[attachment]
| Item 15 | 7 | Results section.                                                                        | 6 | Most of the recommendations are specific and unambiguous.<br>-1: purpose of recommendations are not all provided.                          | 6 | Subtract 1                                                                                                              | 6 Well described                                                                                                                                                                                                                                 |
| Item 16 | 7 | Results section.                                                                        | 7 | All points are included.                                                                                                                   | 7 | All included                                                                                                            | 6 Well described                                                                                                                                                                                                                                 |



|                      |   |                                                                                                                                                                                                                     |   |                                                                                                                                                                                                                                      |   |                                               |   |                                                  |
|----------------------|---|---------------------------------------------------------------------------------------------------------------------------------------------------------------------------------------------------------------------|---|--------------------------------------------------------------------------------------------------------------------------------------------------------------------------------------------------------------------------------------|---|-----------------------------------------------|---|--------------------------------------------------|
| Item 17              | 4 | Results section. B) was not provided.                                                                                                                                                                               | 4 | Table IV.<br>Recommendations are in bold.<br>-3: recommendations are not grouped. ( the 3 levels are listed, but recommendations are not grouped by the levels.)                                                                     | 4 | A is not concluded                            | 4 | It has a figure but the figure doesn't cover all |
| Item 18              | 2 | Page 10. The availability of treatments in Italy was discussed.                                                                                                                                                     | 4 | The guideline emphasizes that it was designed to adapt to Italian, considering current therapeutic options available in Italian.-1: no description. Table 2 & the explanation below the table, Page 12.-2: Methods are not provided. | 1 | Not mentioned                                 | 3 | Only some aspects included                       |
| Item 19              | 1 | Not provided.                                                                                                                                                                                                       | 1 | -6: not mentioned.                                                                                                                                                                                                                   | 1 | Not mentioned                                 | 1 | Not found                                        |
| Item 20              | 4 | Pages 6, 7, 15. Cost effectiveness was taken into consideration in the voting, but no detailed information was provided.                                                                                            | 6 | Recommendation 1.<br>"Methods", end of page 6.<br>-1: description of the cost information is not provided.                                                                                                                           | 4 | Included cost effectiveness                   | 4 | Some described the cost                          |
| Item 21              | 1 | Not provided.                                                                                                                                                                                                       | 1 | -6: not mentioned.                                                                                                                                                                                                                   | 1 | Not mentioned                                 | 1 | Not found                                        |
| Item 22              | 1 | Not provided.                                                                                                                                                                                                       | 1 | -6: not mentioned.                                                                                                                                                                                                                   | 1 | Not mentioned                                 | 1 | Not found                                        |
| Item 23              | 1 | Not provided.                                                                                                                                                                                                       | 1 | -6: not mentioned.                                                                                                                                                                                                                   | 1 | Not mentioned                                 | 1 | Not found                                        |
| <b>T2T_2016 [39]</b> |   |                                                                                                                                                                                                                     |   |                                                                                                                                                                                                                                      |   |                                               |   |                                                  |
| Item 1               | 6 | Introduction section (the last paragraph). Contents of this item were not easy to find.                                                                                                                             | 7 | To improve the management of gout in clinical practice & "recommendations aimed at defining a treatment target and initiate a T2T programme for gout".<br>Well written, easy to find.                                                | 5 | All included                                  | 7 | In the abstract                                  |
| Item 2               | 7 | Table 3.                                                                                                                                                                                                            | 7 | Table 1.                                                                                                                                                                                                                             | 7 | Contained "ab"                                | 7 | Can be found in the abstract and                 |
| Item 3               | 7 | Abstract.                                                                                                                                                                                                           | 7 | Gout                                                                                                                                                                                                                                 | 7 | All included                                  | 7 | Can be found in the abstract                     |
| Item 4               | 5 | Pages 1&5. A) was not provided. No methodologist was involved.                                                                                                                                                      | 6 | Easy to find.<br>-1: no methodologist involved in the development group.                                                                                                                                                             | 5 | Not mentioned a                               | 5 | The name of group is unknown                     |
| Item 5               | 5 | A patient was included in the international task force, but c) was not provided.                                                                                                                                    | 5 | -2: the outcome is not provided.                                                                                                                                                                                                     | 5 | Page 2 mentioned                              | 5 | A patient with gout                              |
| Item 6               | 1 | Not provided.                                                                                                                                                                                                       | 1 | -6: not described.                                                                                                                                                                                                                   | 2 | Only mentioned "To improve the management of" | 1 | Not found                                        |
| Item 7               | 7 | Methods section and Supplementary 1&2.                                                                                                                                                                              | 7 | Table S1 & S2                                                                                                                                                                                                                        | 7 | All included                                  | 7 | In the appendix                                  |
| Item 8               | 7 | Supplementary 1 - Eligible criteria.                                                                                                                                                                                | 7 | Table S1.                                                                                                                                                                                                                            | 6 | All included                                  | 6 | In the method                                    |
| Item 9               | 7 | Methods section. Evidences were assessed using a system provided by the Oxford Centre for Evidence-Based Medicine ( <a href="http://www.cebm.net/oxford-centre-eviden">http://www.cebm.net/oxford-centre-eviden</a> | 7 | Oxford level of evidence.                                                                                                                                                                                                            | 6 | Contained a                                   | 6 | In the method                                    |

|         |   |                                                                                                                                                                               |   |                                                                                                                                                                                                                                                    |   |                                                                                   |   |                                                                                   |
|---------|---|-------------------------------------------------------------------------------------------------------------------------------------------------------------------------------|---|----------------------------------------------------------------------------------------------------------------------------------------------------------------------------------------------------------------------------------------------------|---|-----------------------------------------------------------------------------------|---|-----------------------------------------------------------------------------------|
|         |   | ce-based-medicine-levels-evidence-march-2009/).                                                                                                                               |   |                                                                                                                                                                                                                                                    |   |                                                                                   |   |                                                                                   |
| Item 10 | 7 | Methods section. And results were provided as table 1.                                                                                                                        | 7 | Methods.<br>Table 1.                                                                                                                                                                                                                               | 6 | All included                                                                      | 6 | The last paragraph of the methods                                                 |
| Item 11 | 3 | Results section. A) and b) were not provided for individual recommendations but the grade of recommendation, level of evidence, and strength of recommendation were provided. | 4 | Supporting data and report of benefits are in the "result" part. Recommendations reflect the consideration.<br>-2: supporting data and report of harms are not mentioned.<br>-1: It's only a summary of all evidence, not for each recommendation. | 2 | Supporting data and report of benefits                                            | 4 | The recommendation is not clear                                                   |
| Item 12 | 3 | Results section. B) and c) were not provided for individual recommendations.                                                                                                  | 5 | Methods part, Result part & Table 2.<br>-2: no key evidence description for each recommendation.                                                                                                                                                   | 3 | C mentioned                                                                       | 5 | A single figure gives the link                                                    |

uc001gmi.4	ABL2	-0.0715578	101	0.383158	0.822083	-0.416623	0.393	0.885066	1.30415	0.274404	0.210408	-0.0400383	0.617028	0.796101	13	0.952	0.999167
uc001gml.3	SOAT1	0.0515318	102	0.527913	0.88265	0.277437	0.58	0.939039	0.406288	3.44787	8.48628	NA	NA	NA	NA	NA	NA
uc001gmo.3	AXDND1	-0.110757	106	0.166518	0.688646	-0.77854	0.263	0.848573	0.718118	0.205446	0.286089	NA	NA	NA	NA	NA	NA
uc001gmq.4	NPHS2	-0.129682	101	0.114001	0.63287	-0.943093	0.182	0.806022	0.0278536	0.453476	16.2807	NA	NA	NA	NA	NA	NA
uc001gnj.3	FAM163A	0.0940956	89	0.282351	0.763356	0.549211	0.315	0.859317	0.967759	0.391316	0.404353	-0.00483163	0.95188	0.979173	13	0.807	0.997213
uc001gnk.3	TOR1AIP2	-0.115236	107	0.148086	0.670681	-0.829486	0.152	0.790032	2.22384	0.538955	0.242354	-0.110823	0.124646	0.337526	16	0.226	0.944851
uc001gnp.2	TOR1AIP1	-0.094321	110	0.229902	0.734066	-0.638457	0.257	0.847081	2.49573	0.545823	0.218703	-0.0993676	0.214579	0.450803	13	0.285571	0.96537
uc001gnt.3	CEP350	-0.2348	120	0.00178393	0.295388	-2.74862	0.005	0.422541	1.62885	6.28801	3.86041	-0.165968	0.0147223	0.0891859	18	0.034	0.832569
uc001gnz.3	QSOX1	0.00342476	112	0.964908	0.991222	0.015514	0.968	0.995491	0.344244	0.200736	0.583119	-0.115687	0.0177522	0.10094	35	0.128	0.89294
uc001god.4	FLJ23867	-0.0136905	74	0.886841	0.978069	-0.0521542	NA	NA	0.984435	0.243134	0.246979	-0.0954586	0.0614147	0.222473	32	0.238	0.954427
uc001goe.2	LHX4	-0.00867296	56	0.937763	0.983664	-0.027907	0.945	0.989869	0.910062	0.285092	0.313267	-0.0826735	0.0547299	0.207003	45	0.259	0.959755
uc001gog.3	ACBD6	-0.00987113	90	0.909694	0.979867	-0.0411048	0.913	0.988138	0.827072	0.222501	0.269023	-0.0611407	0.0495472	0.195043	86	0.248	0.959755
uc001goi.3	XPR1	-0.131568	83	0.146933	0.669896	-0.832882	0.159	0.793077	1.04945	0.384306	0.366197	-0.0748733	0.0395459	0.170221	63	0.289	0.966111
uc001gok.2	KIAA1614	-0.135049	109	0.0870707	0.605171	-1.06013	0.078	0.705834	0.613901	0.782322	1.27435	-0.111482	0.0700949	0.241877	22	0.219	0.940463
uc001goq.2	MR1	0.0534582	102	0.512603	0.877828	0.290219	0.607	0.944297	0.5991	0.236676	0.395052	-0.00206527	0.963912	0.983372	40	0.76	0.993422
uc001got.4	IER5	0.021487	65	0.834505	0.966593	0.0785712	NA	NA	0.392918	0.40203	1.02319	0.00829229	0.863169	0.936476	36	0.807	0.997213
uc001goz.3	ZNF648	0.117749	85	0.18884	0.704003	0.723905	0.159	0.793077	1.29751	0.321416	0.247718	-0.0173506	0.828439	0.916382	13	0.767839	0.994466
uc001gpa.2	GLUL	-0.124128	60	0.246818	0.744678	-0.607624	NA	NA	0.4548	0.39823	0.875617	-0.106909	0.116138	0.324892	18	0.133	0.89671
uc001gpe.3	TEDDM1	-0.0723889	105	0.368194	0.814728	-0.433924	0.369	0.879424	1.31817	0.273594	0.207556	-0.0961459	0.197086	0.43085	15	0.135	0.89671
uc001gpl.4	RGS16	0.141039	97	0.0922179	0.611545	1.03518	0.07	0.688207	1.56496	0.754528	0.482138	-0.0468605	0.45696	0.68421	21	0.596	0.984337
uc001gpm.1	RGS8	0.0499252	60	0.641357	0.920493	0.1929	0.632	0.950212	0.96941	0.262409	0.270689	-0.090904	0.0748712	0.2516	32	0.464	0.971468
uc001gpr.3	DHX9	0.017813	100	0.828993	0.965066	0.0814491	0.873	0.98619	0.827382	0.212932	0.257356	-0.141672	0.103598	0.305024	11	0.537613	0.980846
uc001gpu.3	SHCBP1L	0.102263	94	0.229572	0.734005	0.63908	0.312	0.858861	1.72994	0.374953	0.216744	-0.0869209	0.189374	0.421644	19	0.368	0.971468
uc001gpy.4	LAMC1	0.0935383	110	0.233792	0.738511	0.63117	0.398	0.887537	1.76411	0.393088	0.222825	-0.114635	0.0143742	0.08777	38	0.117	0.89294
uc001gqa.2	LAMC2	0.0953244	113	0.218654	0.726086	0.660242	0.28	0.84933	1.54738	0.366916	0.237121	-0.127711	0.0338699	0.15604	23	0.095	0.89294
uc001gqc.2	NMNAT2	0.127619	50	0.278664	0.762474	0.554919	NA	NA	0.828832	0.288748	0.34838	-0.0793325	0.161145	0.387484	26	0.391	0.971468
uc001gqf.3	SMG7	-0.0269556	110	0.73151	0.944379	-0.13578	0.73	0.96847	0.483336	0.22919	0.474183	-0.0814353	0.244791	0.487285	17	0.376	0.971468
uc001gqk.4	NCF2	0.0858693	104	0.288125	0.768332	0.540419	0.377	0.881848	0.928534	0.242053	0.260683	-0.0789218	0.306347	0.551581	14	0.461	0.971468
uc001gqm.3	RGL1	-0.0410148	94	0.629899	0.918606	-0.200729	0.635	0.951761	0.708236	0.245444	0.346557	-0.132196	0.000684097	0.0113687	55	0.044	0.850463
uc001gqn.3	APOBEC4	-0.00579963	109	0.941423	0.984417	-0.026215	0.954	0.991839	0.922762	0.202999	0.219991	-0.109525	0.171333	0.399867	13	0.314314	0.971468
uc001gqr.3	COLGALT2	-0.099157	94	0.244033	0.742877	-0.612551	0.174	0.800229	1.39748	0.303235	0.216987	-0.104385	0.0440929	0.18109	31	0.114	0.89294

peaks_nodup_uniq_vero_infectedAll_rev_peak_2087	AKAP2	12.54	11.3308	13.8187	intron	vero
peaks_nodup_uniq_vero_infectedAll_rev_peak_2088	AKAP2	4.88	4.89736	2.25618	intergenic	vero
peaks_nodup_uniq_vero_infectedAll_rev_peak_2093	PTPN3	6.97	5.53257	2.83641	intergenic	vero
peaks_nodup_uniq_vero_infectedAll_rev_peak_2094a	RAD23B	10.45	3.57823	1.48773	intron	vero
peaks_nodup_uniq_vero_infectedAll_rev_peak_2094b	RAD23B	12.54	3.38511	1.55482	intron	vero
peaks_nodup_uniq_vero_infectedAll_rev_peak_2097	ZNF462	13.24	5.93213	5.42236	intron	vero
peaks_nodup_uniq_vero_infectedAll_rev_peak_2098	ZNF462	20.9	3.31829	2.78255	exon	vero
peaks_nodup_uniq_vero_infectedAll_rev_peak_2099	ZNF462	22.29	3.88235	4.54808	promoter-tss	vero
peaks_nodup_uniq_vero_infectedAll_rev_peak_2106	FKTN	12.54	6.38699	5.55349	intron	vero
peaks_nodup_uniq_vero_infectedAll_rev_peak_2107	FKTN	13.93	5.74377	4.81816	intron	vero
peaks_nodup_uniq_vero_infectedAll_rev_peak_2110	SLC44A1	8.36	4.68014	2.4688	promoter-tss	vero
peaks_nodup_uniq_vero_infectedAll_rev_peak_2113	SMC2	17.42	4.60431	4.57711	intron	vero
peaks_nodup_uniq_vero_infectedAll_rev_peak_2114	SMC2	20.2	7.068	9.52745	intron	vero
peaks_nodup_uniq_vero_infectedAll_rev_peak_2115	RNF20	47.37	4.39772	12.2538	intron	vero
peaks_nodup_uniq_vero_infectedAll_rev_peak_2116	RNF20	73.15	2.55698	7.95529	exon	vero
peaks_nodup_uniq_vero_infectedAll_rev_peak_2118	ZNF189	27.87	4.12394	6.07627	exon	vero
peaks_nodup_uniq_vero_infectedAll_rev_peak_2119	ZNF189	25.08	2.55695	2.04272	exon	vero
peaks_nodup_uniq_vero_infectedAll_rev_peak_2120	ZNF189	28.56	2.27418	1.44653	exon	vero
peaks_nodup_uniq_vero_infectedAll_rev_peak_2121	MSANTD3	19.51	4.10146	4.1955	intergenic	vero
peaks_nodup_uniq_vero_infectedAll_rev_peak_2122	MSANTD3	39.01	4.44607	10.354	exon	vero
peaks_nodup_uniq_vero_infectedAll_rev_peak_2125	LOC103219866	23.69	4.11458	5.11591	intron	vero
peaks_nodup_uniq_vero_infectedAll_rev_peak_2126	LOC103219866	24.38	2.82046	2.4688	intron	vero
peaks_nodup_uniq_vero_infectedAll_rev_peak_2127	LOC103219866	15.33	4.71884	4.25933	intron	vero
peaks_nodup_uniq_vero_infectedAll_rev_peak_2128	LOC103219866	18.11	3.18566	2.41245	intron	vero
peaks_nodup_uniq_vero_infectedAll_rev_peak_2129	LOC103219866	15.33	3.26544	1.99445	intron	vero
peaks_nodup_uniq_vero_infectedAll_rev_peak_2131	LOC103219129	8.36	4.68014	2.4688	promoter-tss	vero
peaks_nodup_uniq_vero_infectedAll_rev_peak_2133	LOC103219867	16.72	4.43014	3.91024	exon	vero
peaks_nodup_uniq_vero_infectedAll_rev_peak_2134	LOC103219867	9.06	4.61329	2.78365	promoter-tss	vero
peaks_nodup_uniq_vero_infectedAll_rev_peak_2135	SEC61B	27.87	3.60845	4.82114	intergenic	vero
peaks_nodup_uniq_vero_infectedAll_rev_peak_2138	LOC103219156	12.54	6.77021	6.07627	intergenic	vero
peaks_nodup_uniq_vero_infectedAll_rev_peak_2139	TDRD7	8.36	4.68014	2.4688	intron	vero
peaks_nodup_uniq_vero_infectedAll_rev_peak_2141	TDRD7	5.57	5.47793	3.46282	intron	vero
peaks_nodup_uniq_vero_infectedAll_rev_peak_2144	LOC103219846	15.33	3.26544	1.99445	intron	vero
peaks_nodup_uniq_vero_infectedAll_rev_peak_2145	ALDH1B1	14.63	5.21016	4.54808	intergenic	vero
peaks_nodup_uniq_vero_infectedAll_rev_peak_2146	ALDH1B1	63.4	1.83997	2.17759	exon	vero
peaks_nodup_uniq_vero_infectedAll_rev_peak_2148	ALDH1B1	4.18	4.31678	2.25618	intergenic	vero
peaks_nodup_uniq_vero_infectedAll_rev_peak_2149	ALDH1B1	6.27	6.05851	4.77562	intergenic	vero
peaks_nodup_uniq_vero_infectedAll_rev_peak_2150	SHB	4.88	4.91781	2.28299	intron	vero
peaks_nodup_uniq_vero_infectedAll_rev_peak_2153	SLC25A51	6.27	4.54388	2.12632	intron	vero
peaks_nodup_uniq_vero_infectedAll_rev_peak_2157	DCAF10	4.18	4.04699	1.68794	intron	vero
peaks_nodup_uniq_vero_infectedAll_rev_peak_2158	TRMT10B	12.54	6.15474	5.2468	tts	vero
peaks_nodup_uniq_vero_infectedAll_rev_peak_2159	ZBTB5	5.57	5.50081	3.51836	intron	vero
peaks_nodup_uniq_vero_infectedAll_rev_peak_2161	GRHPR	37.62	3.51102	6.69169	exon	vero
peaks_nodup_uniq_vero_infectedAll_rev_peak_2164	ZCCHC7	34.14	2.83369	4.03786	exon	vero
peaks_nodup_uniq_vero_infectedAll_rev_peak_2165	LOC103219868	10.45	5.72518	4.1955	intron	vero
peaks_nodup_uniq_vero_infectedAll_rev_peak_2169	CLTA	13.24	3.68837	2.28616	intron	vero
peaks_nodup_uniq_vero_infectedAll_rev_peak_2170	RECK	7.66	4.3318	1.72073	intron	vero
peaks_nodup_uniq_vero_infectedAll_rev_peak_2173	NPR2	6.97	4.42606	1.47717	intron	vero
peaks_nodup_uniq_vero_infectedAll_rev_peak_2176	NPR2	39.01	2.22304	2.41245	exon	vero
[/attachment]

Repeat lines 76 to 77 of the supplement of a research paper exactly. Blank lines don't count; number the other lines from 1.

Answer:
peaks_nodup_uniq_vero_infectedAll_rev_peak_2120	ZNF189	28.56	2.27418	1.44653	exon	vero
peaks_nodup_uniq_vero_infectedAll_rev_peak_2121	MSANTD3	19.51	4.10146	4.1955	intergenic	vero